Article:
January 4, 2012 / 1:30 AM / 9 years ago

Funding concerns for California high-speed rail

SAN FRANCISCO (Reuters) - California’s effort to build a massive high-speed rail network suffered another setback on Tuesday when a peer review group charged with evaluating the project recommended lawmakers put it on hold.

Specifically, the group said the state should not move ahead with the sale of the nearly $3 billion in bonds to finance initial construction with the first tranche of $10 billion in state-backed high-speed rail bonds authorized by voters in 2008.

The recommendation is a blow to Governor Jerry Brown, who backs the project as a visionary piece of infrastructure-building that will create tens of thousands of jobs and benefit the state for many decades to come.

The proposed system would make the train competitive with air travel on the heavily trafficked Los Angeles-San Francisco route, and also vastly reduce travels times between those cities and Sacramento, San Diego and the state’s Central Valley.

But the cost estimate for the system has ballooned to $98 billion from $43 billion in 2008, the state’s finances are in disarray due to the economic slump and Republicans in Congress have vowed to block crucial federal funding for the project.

The first phase of the planned network, a 130-mile track connecting Fresno and Bakersfield, would be financed by $2.7 billion in state bonds and $3.5 billion from the federal government. Groundbreaking on the project won’t start until the legislature releases the bond funds, and the state risks losing the federal money if construction is delayed.

California voters, grappling with widespread cutbacks in basic government services, may also be having second thoughts. Nearly two-thirds of California voters would like another referendum on high-speed rail, and a strong majority would reject bonds for it in a new vote, according to a Field Poll survey released last month.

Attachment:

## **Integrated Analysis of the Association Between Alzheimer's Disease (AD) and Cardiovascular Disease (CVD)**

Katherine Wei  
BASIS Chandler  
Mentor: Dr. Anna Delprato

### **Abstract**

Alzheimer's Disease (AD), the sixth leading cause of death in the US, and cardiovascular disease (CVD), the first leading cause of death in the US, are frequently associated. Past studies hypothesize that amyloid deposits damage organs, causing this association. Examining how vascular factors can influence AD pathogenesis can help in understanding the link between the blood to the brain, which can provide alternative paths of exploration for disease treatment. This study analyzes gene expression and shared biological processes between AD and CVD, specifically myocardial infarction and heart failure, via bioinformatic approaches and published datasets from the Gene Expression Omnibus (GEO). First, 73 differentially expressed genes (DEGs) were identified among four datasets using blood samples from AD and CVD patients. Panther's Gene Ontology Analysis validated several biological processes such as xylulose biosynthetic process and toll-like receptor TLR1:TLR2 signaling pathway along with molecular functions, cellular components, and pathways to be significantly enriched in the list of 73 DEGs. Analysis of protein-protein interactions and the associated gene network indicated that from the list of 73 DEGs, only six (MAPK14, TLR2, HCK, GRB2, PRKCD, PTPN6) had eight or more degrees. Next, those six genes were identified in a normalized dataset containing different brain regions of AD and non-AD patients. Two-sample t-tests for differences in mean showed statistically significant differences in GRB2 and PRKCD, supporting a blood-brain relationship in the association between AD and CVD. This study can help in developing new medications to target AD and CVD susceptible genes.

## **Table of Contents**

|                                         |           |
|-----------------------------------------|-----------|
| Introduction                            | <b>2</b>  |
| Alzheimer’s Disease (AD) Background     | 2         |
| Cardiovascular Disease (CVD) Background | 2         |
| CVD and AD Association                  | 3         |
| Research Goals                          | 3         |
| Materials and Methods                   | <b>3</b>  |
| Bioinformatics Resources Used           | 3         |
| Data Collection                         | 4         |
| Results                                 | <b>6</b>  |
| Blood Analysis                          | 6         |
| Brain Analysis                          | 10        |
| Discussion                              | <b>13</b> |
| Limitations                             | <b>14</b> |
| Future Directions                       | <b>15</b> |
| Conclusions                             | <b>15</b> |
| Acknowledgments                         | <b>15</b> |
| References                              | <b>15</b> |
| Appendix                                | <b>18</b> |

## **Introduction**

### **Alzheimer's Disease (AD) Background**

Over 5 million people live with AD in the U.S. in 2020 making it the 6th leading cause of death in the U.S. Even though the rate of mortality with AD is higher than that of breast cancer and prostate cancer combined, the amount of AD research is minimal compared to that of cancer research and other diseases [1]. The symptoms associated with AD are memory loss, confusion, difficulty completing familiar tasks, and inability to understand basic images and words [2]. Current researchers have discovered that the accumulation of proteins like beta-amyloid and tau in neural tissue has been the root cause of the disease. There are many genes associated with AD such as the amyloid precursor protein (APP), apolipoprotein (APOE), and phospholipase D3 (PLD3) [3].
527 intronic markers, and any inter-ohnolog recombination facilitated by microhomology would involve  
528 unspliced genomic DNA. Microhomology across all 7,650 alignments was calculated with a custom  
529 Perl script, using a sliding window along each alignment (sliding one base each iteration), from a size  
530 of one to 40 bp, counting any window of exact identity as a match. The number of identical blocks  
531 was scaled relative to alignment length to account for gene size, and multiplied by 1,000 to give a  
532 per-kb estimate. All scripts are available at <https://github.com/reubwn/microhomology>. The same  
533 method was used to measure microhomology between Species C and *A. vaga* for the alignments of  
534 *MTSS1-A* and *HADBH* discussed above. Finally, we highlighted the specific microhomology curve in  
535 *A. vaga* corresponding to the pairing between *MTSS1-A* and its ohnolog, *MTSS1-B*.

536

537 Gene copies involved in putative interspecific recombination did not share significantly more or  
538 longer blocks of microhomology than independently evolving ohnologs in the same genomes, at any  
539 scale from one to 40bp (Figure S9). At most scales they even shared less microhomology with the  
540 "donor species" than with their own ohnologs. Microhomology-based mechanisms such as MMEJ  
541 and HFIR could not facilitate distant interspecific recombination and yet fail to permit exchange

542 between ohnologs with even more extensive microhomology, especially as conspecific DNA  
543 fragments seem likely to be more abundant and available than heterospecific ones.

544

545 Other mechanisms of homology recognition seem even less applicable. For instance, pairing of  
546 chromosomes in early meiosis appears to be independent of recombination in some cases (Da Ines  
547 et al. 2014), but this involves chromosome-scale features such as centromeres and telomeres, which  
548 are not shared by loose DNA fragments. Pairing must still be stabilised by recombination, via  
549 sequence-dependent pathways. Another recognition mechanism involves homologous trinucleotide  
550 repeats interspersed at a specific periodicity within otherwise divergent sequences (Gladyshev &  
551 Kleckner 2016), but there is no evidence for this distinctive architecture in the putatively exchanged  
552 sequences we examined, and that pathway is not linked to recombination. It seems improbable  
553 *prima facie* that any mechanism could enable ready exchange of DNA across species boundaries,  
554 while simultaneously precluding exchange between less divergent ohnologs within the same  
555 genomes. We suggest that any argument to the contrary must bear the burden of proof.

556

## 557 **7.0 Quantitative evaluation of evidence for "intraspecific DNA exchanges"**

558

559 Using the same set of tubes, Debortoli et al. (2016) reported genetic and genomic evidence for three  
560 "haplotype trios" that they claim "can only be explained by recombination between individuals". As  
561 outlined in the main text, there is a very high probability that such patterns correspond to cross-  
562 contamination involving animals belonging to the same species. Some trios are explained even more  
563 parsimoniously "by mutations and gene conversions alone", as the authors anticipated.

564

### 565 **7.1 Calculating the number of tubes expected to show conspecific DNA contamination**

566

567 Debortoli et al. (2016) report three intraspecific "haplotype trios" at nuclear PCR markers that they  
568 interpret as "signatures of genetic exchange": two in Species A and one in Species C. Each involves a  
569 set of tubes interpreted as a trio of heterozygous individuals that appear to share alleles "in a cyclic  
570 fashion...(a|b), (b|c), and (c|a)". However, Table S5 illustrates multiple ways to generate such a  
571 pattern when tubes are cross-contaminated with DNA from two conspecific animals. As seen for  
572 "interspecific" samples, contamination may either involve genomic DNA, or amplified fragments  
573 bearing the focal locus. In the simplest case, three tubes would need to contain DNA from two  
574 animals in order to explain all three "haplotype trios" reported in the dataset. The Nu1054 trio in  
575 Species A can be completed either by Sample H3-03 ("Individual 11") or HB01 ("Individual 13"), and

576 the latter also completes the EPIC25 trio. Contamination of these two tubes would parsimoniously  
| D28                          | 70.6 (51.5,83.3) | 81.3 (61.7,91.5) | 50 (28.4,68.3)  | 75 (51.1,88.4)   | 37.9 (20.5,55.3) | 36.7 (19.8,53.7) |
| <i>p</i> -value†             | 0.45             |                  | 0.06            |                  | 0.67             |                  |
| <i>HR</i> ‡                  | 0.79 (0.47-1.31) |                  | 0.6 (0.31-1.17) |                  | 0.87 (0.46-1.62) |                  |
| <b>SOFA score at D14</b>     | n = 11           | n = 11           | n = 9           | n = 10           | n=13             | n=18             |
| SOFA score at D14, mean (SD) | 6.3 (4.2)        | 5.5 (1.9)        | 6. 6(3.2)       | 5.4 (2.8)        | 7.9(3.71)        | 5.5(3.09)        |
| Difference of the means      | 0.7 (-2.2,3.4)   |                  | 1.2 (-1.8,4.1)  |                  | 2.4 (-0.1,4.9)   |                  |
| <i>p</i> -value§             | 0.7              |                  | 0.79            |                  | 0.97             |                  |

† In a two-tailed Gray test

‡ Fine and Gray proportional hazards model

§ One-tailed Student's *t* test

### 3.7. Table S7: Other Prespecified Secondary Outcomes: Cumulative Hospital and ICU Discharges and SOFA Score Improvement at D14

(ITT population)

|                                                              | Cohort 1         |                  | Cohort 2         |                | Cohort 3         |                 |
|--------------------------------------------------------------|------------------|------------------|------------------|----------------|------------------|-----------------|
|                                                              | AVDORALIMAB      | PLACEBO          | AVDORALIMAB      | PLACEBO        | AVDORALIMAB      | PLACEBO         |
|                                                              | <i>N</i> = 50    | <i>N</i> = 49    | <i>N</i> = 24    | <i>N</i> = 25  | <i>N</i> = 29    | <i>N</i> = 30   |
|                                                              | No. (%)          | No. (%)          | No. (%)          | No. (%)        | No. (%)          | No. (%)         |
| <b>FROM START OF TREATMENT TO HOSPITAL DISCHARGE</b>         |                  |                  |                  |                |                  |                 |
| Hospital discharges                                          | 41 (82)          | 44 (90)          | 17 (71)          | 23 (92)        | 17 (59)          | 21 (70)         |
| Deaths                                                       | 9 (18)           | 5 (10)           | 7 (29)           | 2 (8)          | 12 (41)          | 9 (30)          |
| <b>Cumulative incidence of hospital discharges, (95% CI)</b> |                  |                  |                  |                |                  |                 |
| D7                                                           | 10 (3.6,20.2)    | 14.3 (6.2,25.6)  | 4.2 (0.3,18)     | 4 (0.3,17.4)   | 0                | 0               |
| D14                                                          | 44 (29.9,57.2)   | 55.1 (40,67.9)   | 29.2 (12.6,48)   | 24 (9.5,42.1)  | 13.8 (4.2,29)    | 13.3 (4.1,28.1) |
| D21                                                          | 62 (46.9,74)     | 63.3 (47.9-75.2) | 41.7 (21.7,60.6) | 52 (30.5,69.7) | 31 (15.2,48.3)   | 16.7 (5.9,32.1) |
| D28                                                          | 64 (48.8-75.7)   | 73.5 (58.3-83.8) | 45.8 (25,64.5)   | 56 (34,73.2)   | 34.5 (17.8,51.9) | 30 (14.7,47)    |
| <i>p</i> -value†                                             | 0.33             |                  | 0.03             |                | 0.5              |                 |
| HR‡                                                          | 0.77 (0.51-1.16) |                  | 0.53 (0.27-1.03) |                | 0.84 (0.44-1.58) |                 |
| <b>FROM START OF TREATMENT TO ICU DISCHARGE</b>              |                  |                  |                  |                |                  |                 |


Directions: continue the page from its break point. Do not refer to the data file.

State Senator Joe Simitian, chairman of the budget subcommittee for transportation, said the California High-Speed Rail Peer Review Group’s recommendation, sent in a letter on Tuesday to the legislature’s Democrat and Republican leaders, was “sobering.”

Simitian, a Democrat, also told Reuters the review group’s recommendation supports his view that lawmakers should postpone the bond issue until the legislature can conduct a thorough review of the project’s feasibility.

“There may be some value in taking a time-out,” said Simitian. “Might we all be served by a one-year time-out?”

The peer review group in its letter said the planned rail system’s funding plan is fundamentally flawed because it fails to identify long-term sources of money - including federal funding - for the project.

The letter said moving ahead with the project “without credible sources of adequate funding, without a definitive business model, without a strategy to maximize the independent utility and value to the State, and without the appropriate management resources, represents an immense financial risk on the part of the State of California.”

John Chalker, vice-chair of peer review group and managing director of LM Capital Group in San Diego, said the California High-Speed Rail Authority needs to show how its statewide system could be built when state and federal budgets are tight and with private companies reluctant to get involved in the project.

“We think it would be appropriate to take a pause,” Chalker said.

Supporters of the project blasted the peer review group.

“With California facing a jobs crisis and an urgency to upgrade our failing transportation infrastructure, further delay in breaking ground on high-speed rail is neither prudent nor responsible,” said Art Pulaski, executive secretary-treasurer of the California Labor Federation.

The High Speed Rail Authority in a statement said the review commission’s letter to lawmakers was “deeply flawed, in some areas misleading and its conclusions are unfounded.”

“Although some high-speed rail experience exists among Peer Review Panel members this report suffers from a lack of appreciation of how high speed rail systems have been constructed throughout the world, makes unrealistic and unsubstantiated assumptions about private sector involvement in such systems and ignores or misconstrues the legal requirements that govern the construction of the high speed rail program in California,” the rail authority added.

Reporting by Jim Christie; editing by Jonathan Weber, Gary Hill

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